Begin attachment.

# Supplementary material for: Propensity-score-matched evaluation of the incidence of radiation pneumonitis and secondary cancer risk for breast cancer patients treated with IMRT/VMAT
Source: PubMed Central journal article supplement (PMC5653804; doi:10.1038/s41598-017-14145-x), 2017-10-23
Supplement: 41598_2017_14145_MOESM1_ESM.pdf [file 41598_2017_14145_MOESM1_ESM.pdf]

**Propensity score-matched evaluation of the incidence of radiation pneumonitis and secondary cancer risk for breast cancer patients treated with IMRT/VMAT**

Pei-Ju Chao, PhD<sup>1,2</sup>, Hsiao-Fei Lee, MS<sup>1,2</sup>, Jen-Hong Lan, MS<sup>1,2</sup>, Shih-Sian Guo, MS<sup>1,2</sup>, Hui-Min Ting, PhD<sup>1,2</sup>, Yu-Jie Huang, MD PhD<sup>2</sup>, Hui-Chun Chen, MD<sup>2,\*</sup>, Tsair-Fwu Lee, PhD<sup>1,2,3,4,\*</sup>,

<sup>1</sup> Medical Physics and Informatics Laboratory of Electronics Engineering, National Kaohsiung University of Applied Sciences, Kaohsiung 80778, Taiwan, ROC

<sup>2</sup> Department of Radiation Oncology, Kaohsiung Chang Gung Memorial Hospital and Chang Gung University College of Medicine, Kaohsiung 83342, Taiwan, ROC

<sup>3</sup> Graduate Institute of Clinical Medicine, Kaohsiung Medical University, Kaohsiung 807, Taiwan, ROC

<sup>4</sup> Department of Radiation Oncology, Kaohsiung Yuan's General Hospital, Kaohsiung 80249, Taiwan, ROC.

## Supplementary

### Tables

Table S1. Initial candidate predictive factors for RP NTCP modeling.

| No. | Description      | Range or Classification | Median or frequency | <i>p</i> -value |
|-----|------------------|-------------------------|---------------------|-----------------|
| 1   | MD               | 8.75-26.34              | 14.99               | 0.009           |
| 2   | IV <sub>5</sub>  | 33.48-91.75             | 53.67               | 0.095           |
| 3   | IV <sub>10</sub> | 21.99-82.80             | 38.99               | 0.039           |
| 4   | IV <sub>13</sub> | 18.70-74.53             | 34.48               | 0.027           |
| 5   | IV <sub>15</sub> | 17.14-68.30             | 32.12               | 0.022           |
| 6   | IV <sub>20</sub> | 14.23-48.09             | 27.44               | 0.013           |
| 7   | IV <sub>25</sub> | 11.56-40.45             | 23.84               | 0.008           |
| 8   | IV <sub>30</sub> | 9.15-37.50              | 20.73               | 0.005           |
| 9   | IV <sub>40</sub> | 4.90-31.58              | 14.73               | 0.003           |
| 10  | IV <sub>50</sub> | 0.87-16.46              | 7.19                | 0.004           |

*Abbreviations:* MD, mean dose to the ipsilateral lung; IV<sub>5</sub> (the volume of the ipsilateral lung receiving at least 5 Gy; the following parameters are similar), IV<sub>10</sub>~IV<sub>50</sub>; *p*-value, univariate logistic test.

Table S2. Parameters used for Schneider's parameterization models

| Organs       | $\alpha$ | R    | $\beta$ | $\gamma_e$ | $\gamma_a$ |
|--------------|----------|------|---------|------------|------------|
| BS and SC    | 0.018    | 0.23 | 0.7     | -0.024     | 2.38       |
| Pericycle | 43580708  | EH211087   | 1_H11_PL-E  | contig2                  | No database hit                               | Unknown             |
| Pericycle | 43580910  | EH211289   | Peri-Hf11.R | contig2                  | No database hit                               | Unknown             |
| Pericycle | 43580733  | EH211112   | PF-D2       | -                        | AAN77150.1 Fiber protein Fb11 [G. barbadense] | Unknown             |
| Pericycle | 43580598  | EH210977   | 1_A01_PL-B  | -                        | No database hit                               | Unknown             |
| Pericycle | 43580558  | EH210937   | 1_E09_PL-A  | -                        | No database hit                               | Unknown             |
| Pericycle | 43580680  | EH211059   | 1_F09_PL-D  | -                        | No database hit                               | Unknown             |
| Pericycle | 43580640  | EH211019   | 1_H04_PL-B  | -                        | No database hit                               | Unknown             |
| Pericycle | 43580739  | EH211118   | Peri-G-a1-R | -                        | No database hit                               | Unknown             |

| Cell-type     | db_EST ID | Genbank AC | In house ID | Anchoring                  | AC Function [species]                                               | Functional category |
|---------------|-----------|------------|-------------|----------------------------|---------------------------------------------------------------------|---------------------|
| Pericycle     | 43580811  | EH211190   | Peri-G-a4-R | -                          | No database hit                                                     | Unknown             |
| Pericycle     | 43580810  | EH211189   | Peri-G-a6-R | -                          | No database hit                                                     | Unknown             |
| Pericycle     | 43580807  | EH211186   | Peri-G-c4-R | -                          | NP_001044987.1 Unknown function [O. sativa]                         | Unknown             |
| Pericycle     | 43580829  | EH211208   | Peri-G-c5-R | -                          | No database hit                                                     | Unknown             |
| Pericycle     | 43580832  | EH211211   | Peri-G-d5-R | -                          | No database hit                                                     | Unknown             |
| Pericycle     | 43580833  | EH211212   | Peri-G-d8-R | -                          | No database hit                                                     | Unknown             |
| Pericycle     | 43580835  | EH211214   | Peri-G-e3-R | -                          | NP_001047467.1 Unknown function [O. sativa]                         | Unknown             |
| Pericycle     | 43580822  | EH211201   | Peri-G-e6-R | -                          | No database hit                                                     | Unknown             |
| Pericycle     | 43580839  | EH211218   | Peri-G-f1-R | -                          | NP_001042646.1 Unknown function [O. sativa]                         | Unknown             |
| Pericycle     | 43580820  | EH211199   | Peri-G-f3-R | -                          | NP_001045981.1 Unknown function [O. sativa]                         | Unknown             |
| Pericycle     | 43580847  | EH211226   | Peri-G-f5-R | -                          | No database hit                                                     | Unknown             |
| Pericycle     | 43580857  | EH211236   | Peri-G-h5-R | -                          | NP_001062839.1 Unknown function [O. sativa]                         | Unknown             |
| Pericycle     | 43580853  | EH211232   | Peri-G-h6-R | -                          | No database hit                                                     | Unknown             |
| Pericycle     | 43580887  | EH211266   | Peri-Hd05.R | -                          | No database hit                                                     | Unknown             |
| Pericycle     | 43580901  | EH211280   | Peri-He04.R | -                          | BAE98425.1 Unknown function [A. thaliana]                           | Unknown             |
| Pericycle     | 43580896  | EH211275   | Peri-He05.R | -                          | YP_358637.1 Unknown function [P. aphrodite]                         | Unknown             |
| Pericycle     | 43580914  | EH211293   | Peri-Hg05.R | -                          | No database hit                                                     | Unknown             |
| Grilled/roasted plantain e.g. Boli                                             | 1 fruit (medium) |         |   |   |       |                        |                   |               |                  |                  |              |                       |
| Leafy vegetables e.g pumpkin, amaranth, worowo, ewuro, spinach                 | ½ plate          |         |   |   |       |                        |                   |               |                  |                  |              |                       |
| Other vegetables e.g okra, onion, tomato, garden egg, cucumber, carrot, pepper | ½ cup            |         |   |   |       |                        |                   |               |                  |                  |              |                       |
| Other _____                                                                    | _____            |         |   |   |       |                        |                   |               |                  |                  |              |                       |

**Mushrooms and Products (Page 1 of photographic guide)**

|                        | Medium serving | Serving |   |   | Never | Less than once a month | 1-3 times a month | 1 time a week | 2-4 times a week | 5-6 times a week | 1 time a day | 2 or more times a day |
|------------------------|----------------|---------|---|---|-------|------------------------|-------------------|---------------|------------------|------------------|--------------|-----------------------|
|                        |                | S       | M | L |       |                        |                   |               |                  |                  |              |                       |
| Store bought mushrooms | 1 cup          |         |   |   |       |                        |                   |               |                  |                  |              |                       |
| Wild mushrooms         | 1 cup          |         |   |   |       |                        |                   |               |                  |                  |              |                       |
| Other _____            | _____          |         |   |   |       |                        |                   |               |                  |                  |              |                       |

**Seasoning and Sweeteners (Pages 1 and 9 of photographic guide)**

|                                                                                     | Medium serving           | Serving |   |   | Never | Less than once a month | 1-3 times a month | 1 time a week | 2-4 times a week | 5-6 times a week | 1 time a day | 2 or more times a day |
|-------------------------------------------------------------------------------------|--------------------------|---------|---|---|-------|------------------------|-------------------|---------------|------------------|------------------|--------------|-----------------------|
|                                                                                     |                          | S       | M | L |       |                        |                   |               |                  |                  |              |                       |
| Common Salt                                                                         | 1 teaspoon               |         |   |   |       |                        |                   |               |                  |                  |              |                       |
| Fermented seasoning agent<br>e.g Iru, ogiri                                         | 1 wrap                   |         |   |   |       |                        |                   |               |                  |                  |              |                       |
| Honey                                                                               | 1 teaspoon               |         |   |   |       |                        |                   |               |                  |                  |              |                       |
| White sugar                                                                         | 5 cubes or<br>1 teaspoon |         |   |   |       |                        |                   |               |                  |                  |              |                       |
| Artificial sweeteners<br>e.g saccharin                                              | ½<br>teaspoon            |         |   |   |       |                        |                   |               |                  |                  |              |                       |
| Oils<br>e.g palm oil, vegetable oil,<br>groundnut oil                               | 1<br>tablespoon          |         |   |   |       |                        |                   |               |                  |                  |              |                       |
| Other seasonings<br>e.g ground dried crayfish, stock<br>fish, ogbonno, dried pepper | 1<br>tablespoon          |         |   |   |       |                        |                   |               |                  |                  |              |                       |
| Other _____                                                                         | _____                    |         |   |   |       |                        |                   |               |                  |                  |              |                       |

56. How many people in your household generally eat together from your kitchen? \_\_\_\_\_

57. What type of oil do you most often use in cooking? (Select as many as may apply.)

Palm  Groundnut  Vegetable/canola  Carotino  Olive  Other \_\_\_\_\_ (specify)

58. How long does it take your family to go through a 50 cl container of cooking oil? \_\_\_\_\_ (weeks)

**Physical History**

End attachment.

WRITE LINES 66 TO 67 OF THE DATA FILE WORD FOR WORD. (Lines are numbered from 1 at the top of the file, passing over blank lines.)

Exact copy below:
| Wild mushrooms         | 1 cup          |         |   |   |       |                        |                   |               |                  |                  |              |                       |
| Other _____            | _____          |         |   |   |       |                        |                   |               |                  |                  |              |                       |